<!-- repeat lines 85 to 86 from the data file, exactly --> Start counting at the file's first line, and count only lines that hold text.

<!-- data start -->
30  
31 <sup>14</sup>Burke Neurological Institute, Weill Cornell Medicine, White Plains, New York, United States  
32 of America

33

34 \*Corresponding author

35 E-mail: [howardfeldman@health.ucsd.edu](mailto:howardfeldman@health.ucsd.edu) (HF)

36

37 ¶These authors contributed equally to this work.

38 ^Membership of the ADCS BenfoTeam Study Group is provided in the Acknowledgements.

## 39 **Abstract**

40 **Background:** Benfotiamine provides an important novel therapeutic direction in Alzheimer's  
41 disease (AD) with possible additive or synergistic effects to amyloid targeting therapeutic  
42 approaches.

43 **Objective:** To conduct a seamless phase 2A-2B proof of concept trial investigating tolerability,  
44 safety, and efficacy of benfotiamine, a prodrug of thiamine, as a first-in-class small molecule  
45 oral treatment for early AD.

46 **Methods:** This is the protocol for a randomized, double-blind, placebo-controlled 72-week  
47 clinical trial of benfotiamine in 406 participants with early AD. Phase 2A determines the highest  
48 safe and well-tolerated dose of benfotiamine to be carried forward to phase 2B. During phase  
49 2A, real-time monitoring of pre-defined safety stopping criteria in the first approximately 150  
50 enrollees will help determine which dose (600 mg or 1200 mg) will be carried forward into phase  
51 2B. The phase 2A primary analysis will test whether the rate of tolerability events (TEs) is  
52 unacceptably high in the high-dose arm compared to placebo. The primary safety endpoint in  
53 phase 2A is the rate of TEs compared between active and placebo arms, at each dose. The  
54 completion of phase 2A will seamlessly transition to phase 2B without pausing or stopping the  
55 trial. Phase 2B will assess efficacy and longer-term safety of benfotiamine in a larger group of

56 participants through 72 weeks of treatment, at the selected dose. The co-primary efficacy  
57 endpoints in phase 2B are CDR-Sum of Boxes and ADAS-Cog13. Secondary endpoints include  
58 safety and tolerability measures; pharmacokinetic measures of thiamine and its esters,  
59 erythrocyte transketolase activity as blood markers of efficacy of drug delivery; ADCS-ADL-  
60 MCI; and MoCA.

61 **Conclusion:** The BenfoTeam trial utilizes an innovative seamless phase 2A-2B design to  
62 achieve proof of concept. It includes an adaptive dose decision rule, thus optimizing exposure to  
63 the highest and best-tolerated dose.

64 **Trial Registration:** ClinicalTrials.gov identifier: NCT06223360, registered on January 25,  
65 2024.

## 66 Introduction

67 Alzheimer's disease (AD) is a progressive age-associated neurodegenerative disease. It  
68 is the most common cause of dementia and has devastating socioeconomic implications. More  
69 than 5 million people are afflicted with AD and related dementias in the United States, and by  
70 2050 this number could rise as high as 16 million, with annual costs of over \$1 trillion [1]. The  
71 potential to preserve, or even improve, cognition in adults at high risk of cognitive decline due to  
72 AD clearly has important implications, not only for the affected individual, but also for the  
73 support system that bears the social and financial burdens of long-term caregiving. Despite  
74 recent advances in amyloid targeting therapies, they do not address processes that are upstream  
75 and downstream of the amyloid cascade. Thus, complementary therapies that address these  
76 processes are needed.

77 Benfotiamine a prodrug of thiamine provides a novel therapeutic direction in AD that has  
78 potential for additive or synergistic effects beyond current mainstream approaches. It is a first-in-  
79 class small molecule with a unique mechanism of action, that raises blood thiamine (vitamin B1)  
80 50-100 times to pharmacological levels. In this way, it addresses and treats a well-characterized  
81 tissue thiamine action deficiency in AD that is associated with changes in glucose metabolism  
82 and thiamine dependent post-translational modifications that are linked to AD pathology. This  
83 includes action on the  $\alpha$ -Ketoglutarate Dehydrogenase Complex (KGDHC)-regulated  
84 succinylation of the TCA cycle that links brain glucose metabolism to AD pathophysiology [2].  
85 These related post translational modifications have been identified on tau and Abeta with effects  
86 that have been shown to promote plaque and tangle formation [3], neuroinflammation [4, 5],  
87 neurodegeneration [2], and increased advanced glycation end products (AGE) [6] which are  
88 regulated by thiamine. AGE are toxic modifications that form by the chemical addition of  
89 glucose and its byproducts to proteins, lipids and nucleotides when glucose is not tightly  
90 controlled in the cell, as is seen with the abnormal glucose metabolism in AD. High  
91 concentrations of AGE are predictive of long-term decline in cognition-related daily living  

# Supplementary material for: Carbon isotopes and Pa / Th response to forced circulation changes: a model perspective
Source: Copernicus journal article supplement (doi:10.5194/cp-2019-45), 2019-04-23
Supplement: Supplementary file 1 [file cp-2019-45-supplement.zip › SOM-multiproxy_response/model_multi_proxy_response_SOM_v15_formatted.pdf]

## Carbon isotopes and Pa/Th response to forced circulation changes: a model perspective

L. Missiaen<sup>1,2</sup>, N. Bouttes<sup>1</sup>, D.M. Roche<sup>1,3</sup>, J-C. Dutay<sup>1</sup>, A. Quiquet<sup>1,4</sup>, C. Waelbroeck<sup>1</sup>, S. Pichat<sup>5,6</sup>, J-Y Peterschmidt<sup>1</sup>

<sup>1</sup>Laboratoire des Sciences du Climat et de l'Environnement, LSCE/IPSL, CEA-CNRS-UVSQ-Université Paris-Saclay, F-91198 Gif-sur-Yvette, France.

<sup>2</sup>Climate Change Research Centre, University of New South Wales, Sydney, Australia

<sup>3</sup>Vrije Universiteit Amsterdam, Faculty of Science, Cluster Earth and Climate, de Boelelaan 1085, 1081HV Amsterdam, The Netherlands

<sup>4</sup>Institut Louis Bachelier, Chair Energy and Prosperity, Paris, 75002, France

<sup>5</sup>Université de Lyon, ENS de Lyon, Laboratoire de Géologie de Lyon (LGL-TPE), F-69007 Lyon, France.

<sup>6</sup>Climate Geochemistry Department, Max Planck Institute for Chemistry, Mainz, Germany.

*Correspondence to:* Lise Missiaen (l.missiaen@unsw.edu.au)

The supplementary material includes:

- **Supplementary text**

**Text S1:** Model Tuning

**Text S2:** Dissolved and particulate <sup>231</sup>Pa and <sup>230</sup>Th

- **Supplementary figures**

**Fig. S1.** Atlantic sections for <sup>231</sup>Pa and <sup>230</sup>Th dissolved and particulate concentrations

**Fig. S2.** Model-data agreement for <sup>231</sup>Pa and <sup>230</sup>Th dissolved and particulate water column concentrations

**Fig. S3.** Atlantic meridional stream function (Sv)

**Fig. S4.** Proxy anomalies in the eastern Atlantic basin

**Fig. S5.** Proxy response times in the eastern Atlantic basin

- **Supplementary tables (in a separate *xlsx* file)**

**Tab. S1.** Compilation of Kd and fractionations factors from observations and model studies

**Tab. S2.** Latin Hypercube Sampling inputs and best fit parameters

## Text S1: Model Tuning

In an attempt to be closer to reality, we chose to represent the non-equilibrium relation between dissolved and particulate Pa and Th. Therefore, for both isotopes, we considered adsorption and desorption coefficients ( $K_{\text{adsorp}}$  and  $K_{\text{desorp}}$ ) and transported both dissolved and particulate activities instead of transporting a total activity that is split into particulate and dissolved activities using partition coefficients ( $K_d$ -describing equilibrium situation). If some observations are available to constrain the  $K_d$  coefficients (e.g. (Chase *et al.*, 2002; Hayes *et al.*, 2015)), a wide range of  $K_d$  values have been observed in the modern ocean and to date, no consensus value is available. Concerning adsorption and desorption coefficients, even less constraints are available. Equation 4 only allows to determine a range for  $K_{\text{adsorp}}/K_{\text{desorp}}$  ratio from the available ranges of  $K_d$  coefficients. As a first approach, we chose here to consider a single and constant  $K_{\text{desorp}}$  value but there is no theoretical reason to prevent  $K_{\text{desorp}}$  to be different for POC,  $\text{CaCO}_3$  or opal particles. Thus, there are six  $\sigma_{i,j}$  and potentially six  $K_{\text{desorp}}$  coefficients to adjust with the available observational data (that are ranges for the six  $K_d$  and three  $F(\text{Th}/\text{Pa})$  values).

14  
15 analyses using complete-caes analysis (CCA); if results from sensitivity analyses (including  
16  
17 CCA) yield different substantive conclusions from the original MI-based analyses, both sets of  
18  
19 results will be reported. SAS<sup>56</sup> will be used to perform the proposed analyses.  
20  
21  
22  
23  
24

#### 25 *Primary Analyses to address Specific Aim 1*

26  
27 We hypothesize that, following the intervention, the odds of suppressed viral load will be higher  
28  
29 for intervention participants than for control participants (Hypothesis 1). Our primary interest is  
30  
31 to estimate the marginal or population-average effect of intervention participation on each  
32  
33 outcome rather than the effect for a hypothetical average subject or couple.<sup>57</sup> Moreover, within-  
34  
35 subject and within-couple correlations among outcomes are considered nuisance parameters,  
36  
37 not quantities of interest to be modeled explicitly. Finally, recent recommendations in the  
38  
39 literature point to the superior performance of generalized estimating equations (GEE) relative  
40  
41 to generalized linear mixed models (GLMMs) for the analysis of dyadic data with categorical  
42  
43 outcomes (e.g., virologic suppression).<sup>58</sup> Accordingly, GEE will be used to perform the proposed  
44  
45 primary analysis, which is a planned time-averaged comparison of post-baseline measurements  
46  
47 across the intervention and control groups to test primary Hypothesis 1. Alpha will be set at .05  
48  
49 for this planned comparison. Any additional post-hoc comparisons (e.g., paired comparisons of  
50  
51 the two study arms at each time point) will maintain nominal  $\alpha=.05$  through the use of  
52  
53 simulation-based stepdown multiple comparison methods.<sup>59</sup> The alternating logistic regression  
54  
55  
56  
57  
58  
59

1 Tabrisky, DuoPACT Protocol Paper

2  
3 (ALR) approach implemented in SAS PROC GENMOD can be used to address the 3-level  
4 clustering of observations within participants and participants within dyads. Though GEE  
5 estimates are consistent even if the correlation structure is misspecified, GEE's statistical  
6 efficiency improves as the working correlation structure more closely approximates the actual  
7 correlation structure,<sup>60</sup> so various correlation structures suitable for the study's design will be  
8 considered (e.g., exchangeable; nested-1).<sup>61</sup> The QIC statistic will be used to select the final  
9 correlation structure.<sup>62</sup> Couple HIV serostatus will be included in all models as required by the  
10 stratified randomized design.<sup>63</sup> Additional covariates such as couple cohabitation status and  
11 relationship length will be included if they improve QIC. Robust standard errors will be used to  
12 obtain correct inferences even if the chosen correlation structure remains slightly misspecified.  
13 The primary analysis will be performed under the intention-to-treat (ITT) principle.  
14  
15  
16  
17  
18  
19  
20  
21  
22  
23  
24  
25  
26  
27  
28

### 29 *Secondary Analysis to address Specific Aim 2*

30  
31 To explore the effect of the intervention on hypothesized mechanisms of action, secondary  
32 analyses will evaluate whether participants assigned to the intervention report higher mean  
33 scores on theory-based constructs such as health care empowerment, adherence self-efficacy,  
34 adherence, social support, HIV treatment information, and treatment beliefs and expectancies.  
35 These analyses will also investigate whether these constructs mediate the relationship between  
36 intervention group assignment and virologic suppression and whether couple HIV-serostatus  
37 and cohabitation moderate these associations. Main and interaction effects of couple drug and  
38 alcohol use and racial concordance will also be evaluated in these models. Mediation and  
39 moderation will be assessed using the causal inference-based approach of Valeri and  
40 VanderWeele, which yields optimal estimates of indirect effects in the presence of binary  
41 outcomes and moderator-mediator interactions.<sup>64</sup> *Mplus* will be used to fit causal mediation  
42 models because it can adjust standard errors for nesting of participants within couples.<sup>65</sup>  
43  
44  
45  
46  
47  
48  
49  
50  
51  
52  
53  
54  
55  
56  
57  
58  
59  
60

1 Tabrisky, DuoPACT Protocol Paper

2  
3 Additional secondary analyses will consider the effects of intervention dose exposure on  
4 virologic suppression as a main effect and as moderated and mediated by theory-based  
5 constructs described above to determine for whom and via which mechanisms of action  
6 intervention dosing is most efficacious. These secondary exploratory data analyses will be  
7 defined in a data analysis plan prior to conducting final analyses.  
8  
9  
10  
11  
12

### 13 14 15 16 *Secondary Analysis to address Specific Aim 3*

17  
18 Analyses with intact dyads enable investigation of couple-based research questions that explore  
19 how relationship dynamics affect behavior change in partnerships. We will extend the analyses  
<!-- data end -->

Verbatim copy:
- **Supplementary tables (in a separate *xlsx* file)**

**Tab. S1.** Compilation of Kd and fractionations factors from observations and model studies